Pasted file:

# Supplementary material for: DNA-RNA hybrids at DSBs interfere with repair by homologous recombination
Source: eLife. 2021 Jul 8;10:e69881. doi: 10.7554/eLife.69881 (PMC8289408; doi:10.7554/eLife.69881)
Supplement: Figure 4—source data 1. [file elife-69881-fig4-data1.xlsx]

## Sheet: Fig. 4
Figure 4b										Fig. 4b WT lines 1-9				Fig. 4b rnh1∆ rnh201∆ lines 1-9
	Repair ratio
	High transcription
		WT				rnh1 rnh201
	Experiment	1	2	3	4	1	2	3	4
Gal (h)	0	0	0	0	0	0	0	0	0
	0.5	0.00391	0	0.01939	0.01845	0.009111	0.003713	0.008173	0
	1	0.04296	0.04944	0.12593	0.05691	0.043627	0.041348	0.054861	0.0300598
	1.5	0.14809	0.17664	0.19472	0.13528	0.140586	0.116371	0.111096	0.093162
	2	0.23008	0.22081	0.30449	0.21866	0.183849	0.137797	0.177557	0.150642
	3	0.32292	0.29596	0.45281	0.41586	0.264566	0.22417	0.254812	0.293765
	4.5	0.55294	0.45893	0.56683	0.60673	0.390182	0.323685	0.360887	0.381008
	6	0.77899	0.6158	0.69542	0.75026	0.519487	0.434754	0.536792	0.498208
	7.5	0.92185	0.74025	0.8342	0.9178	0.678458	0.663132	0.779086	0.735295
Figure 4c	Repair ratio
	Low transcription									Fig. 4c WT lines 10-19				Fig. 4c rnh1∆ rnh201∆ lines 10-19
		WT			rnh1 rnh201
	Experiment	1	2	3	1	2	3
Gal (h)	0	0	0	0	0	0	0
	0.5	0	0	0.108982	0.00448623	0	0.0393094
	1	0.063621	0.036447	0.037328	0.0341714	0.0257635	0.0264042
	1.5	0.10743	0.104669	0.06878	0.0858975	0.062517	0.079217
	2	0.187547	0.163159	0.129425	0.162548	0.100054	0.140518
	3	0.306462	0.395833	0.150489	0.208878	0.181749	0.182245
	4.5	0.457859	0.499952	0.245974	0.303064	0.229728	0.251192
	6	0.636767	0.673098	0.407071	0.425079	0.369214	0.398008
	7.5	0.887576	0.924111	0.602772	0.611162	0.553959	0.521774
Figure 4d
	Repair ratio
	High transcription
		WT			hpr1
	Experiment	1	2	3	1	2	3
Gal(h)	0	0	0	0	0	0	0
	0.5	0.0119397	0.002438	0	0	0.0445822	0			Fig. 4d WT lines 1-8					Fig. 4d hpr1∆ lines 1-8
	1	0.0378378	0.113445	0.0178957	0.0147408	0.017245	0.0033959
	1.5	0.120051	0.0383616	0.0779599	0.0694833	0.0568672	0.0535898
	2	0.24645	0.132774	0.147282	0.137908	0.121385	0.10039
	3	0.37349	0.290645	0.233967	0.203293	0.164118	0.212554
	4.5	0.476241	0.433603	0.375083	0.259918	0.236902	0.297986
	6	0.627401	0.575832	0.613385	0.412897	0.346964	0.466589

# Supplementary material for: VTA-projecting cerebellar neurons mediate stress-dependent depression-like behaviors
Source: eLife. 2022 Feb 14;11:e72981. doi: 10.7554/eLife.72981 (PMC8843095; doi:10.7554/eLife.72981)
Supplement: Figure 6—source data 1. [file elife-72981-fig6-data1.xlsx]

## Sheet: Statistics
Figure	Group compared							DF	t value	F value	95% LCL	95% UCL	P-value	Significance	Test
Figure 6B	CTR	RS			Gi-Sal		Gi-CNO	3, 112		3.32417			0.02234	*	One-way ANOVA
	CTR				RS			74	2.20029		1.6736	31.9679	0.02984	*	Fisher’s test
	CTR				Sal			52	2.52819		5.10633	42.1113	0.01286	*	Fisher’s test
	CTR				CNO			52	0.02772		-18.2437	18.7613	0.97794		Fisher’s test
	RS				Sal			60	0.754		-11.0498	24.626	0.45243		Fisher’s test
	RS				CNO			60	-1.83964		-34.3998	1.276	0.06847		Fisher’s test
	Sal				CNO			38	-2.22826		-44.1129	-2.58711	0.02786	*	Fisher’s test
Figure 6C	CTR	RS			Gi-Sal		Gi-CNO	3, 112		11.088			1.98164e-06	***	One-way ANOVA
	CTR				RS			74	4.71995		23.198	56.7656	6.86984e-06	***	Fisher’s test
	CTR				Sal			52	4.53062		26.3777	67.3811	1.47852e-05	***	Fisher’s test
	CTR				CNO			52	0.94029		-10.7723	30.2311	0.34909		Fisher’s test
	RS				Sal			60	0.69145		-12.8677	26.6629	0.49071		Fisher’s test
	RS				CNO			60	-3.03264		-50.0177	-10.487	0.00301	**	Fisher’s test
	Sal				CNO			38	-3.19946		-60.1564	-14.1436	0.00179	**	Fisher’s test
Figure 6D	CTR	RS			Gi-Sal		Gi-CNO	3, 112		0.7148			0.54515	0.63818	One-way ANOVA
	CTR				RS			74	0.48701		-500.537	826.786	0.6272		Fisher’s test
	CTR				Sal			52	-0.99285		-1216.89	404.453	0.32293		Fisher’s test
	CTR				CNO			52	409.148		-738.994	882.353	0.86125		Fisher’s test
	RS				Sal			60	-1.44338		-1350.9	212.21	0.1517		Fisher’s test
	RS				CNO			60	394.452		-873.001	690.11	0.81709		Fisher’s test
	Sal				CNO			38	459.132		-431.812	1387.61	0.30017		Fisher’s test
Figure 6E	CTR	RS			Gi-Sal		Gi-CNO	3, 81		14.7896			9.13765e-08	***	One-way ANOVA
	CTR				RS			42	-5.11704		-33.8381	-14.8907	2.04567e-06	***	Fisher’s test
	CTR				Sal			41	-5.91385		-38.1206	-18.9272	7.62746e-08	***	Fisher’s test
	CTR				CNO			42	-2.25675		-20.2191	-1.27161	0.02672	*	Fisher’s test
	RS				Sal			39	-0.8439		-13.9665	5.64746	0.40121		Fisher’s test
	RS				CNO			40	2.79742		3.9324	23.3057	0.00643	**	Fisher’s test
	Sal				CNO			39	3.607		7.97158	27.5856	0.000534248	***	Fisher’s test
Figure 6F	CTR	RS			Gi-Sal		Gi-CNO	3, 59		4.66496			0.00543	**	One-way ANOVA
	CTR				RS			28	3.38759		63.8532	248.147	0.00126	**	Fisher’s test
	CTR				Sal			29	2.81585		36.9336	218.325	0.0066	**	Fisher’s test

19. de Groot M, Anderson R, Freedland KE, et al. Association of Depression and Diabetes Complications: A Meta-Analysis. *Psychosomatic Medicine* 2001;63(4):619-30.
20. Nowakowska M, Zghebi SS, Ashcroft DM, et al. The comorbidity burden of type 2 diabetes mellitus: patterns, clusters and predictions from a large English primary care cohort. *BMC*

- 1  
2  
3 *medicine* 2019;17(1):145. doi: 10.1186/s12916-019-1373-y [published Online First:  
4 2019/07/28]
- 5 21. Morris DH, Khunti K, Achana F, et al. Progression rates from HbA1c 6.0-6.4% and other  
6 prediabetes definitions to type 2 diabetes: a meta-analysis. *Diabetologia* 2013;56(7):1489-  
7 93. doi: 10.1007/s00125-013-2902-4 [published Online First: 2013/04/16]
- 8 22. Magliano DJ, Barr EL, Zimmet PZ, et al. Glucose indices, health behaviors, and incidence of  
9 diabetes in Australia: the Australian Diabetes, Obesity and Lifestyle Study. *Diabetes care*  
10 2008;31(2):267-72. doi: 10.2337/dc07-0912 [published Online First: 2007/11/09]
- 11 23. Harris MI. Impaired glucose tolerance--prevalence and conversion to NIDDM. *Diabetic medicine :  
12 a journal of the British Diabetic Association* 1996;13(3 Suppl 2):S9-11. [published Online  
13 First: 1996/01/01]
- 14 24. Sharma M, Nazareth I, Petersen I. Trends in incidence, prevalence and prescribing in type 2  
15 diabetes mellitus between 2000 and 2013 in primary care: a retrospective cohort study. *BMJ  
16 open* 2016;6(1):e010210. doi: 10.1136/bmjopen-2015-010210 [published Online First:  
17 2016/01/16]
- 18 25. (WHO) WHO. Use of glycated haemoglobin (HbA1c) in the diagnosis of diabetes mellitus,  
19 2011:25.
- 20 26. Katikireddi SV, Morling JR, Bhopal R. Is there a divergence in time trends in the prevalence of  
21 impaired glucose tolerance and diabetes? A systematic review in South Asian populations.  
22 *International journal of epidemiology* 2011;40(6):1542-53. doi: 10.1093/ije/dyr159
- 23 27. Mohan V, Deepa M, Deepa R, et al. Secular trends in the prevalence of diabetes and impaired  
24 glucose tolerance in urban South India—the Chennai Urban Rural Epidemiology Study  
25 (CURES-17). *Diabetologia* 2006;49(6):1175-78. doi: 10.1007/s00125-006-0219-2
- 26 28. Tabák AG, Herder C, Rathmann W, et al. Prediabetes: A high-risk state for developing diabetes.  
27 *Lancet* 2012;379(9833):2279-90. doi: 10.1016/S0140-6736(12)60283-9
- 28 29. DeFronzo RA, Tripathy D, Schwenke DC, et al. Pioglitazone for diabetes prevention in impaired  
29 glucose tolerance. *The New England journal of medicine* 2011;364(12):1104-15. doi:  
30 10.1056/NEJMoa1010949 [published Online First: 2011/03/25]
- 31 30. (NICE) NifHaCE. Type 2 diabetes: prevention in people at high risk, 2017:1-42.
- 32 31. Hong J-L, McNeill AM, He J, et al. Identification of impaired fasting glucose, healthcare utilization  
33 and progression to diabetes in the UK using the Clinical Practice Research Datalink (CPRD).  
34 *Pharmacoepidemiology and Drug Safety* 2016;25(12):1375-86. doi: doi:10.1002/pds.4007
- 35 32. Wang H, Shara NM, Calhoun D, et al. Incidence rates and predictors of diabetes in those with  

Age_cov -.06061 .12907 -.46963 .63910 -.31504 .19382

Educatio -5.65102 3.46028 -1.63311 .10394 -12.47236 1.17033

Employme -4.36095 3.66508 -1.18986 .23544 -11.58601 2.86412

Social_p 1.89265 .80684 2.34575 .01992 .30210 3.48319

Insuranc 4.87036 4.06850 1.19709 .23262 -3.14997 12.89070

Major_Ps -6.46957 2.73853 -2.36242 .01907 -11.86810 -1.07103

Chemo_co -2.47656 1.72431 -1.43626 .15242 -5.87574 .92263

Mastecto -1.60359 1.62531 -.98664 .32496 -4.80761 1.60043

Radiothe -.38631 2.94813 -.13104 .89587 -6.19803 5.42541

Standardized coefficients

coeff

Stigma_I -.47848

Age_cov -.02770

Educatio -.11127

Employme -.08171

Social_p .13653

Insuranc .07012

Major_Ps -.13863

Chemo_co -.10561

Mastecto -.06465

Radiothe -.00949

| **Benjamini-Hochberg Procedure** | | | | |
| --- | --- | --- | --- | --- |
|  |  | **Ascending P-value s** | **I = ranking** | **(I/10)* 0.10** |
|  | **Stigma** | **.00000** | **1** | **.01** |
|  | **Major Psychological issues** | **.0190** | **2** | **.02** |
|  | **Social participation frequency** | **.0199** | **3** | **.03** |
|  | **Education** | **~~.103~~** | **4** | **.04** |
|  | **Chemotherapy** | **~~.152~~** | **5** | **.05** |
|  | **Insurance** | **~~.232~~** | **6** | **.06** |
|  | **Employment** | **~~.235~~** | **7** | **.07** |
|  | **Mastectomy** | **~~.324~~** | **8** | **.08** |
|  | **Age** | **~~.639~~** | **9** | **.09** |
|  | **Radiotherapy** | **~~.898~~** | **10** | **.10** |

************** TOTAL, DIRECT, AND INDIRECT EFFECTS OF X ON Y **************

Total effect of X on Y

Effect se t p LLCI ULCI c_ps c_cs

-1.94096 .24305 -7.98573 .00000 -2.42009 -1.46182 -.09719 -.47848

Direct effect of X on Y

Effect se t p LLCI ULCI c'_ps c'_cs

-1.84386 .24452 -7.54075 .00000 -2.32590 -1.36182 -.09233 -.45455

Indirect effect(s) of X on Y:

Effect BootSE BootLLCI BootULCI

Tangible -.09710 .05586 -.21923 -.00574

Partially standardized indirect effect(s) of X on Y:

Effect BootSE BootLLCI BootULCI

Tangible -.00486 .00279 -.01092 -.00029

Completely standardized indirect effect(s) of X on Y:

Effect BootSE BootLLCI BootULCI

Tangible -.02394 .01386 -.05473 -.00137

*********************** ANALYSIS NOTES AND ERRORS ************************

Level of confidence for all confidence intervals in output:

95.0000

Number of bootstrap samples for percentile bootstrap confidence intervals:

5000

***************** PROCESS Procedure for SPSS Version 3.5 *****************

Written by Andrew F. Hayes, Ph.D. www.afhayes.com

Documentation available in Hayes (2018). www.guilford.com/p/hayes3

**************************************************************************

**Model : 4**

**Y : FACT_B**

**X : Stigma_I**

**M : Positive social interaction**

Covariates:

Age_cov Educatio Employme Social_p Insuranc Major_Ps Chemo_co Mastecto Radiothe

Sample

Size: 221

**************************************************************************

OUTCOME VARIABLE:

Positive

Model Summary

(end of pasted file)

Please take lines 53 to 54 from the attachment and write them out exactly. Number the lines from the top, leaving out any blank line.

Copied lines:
	CTR				CNO			52	0.02772		-18.2437	18.7613	0.97794		Fisher’s test
	RS				Sal			60	0.754		-11.0498	24.626	0.45243		Fisher’s test